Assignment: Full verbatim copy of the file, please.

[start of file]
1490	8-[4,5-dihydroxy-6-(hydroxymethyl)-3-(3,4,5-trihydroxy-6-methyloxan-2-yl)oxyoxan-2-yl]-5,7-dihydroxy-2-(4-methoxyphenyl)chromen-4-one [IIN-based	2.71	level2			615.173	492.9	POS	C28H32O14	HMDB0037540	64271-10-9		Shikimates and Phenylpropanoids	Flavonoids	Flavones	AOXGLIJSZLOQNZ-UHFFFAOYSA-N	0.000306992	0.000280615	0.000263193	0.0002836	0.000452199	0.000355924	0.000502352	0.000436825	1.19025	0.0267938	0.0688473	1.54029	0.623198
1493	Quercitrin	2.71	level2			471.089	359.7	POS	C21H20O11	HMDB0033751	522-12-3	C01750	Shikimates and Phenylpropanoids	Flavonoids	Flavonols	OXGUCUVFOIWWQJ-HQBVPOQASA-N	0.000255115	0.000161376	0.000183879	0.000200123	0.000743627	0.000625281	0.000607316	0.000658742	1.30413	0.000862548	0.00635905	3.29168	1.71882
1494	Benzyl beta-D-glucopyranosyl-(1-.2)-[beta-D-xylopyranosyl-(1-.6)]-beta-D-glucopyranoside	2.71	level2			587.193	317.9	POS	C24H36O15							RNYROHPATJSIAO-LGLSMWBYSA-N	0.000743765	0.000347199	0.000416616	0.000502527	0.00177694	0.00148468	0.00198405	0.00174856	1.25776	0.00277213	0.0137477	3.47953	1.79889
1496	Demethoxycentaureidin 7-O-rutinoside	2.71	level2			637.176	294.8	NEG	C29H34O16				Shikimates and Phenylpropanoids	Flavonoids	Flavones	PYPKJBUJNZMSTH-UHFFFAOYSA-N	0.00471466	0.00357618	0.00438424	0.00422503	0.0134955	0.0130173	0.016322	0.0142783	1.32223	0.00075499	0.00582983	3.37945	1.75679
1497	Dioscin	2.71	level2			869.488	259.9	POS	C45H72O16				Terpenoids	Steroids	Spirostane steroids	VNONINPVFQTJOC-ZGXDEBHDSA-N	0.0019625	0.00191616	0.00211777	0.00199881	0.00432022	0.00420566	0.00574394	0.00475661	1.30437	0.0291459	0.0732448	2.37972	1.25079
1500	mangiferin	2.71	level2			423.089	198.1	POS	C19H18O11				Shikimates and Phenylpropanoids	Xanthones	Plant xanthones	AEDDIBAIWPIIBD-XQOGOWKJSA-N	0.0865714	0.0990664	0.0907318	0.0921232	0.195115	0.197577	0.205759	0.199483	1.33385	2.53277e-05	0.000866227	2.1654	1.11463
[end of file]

1490	8-[4,5-dihydroxy-6-(hydroxymethyl)-3-(3,4,5-trihydroxy-6-methyloxan-2-yl)oxyoxan-2-yl]-5,7-dihydroxy-2-(4-methoxyphenyl)chromen-4-one [IIN-based	2.71	level2			615.173	492.9	POS	C28H32O14	HMDB0037540	64271-10-9		Shikimates and Phenylpropanoids	Flavonoids	Flavones	AOXGLIJSZLOQNZ-UHFFFAOYSA-N	0.000306992	0.000280615	0.000263193	0.0002836	0.000452199	0.000355924	0.000502352	0.000436825	1.19025	0.0267938	0.0688473	1.54029	0.623198
1493	Quercitrin	2.71	level2			471.089	359.7	POS	C21H20O11	HMDB0033751	522-12-3	C01750	Shikimates and Phenylpropanoids	Flavonoids	Flavonols	OXGUCUVFOIWWQJ-HQBVPOQASA-N	0.000255115	0.000161376	0.000183879	0.000200123	0.000743627	0.000625281	0.000607316	0.000658742	1.30413	0.000862548	0.00635905	3.29168	1.71882
1494	Benzyl beta-D-glucopyranosyl-(1-.2)-[beta-D-xylopyranosyl-(1-.6)]-beta-D-glucopyranoside	2.71	level2			587.193	317.9	POS	C24H36O15							RNYROHPATJSIAO-LGLSMWBYSA-N	0.000743765	0.000347199	0.000416616	0.000502527	0.00177694	0.00148468	0.00198405	0.00174856	1.25776	0.00277213	0.0137477	3.47953	1.79889
1496	Demethoxycentaureidin 7-O-rutinoside	2.71	level2			637.176	294.8	NEG	C29H34O16				Shikimates and Phenylpropanoids	Flavonoids	Flavones	PYPKJBUJNZMSTH-UHFFFAOYSA-N	0.00471466	0.00357618	0.00438424	0.00422503	0.0134955	0.0130173	0.016322	0.0142783	1.32223	0.00075499	0.00582983	3.37945	1.75679
1497	Dioscin	2.71	level2			869.488	259.9	POS	C45H72O16				Terpenoids	Steroids	Spirostane steroids	VNONINPVFQTJOC-ZGXDEBHDSA-N	0.0019625	0.00191616	0.00211777	0.00199881	0.00432022	0.00420566	0.00574394	0.00475661	1.30437	0.0291459	0.0732448	2.37972	1.25079
1500	mangiferin	2.71	level2			423.089	198.1	POS	C19H18O11				Shikimates and Phenylpropanoids	Xanthones	Plant xanthones	AEDDIBAIWPIIBD-XQOGOWKJSA-N	0.0865714	0.0990664	0.0907318	0.0921232	0.195115	0.197577	0.205759	0.199483	1.33385	2.53277e-05	0.000866227	2.1654	1.11463